Friday, June 13, 2008

My Life as a Rose Bush

Most of you know that I'm a huge fan of appropriate analogies. To me, the proper analogy can connect two people without any hope of understanding each other enough to allow them to accomplish great things together. The other day I discovered during the course of a conversation the perfect analogy for my own life. Essentially, my life is a fantastically enormous and glorious rose bush that has occasional infections of botanical disease. God is the gardener, and it is only through the sometimes painful process of putting Him in control and allowing Him to prune away the diseased parts of the rose bush that I am able to bloom effectively. Continuing this thought:

The full blooms of the rose bush are my life's beauties. My children; selected moments of my generally happy marriage; my accomplishments as an artist; my accolades. These beautiful things in my life bloom with bursts of vibrant color that others cannot help but notice. They often are encouraged and delighted by the fragrant, attractive flowers. Some "roses" are in full, wild splendor and reflect the happiest moments of my life. My wedding day, for instance, or the moment of the birth of each of my children (or the special time in which we became acquainted and bonded, in the case of the two eldest children). Some of the flowers are but buds that have not yet bloomed. These reflect those beautiful things which have not yet come to pass but are works in progress. A new and glorious work of quilled art as I add pieces to it, for example, or the successful sale of some of my smaller works. A new friendship with only a few memories to it, perhaps. All of these will hopefully, in time, also burst forth in radiant color and sweet fragrance.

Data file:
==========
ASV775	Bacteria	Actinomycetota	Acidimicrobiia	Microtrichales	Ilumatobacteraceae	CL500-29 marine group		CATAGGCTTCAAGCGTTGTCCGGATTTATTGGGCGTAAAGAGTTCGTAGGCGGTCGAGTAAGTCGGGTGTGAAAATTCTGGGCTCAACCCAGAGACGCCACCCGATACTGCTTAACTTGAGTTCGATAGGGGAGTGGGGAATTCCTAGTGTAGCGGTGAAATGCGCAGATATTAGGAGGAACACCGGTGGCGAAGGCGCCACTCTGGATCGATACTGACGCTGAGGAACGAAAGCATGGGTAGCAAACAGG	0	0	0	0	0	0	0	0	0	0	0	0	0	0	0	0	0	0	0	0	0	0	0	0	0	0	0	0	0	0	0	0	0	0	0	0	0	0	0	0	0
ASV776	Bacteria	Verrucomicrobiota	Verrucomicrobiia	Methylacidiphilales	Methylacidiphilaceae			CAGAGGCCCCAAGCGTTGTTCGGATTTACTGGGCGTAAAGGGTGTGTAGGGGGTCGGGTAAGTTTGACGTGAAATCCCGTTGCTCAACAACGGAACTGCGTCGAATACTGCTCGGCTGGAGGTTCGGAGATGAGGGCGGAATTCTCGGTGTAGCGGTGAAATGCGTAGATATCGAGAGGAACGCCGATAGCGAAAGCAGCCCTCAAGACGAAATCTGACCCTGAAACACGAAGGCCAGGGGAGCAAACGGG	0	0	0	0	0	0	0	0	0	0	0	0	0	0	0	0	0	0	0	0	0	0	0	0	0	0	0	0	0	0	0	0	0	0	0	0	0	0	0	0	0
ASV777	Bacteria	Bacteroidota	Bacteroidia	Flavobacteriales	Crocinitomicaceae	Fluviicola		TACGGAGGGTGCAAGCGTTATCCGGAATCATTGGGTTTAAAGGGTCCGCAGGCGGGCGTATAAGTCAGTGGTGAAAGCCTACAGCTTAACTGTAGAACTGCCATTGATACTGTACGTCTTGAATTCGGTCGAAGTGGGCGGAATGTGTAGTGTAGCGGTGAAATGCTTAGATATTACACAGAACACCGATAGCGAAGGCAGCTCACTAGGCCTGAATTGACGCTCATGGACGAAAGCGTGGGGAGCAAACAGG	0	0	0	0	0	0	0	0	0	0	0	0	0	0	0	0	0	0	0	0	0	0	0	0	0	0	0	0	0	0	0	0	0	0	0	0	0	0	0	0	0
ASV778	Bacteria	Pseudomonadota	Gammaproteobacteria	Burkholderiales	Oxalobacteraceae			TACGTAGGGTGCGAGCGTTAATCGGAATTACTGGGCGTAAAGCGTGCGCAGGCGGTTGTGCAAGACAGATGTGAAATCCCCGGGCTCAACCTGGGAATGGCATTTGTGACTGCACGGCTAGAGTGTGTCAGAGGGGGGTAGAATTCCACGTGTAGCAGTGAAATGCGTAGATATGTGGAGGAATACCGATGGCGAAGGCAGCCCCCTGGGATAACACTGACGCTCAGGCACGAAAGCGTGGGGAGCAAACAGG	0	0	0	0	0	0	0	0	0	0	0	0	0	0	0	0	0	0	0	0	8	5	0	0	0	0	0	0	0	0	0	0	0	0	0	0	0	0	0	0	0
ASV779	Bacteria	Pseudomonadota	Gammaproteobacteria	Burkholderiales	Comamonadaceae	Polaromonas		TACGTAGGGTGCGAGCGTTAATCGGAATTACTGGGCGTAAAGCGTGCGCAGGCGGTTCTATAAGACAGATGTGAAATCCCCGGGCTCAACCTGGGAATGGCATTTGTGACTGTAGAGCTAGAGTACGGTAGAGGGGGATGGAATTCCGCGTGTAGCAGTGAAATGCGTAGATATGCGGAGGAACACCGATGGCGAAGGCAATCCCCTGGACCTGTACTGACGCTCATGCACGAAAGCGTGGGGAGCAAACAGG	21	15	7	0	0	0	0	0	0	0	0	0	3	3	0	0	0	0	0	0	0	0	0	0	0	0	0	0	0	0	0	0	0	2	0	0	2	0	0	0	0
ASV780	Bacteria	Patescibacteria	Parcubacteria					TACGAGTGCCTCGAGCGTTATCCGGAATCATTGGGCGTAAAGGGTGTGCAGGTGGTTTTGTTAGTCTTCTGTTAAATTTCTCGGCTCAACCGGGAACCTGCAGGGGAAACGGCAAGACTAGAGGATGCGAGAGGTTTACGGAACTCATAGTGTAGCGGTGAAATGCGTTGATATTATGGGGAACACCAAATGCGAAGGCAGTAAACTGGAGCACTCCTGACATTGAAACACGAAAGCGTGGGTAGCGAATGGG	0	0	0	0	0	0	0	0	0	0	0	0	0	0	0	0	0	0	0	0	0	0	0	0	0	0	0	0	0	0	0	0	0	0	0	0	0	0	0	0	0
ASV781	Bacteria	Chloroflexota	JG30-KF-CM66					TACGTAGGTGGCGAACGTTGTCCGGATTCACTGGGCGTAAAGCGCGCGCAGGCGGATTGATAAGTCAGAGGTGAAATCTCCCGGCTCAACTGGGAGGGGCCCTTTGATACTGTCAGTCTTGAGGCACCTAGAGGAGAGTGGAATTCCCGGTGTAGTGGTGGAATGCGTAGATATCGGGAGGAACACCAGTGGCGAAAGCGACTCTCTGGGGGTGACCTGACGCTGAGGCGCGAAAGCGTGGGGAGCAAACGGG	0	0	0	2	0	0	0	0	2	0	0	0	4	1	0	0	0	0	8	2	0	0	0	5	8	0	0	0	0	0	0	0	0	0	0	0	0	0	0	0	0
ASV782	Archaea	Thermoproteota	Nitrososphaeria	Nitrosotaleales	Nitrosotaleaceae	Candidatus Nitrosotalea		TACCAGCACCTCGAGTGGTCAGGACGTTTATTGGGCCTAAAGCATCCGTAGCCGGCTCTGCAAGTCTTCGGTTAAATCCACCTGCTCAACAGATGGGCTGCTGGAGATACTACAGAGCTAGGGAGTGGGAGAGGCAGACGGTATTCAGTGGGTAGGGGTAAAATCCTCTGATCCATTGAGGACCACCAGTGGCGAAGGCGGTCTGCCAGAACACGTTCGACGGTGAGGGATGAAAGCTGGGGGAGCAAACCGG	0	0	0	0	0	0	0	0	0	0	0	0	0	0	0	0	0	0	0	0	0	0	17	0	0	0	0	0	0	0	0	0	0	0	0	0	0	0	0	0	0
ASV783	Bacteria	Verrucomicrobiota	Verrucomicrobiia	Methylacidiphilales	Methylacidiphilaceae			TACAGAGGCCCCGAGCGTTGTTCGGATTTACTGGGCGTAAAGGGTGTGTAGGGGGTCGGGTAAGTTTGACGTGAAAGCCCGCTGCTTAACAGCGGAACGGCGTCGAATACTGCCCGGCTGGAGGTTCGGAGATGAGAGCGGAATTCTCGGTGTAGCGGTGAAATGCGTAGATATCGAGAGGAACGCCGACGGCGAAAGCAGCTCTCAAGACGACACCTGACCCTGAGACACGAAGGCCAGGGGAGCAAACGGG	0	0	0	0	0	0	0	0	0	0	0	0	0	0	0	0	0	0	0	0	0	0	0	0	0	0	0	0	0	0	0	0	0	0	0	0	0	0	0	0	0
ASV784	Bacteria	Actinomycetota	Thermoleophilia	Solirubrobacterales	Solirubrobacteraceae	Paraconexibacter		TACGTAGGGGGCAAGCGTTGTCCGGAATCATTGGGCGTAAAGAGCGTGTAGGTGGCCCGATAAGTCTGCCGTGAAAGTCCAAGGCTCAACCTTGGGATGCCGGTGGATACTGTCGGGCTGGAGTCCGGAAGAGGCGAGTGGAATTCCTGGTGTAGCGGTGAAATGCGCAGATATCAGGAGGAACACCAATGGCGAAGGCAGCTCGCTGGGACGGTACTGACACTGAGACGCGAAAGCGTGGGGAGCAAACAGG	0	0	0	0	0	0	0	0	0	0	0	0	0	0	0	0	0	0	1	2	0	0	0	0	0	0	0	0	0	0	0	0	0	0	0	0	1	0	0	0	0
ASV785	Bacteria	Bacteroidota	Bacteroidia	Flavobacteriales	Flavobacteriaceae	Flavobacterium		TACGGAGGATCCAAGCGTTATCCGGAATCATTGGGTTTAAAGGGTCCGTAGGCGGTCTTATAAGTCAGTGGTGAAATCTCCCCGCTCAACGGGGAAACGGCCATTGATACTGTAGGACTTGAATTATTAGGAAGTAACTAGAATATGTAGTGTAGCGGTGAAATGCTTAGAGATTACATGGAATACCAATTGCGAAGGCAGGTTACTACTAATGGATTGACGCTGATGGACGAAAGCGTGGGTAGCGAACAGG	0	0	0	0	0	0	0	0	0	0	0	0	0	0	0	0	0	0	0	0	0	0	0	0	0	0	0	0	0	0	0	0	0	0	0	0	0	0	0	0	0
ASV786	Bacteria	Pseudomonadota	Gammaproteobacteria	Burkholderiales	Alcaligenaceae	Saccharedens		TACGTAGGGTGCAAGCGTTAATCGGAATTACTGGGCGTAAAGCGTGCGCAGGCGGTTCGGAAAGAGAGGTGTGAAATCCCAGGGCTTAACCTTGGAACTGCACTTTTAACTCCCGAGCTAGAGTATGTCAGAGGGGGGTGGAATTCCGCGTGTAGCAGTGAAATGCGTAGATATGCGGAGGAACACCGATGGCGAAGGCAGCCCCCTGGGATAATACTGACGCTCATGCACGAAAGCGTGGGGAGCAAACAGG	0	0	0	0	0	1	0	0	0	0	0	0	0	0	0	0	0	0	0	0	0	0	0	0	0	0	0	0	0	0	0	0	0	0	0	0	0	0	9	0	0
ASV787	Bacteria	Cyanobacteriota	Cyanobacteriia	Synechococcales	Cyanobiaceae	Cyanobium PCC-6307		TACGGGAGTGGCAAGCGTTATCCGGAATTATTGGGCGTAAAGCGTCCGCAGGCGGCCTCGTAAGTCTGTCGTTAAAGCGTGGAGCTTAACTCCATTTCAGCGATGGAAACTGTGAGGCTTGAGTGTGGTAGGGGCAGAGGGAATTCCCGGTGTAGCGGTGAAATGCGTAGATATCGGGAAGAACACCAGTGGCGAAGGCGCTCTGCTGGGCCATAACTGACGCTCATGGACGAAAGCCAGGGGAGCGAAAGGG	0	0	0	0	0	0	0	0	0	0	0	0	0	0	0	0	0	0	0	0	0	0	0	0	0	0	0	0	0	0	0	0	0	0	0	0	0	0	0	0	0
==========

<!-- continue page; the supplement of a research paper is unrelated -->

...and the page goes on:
Sadly, some of these large and abundant blooms fade and give way to newer ones not because of disease, but for the sad fact that I cannot recall and hold to every little thing and so do forget some of the memories that once upon a time meant so much and made the rose bush so beautiful. But no matter, no matter. There are, IF I submit to the will of the gardener, constantly abundant and plenteous blooms for the enjoyment of others.

Are you still wondering about the "botanical disease"? I will explain. Rose bushes suffer from a particularly nasty fungal disease called "black spot". The information site offers this description of black spot:
"Black spot is one of the most serious and widespread of rose diseases, and it strikes the yellow strains of roses especially hard. A fungal infection, black spot is characterized by the appearance of large black spots on leaf surfaces. Eventually the spots spread and join, and the infected leaves turn yellow and fall off. If enough leaves die, the plant will be unable to photosynthesize the nutrients it needs to live, and may itself die. Although black spot doesn't visibly affect the canes, the spores of the disease often cling to them."

In my analogy, these black spot infections are negative things that cross my path; those things that poison me from the inside and cause the beautiful blooms to be just a little less spectacular. As I have apparently exhausted this blog's capacity for text, please continue to the other blogs of this topic that continue my line of thought and reflection.

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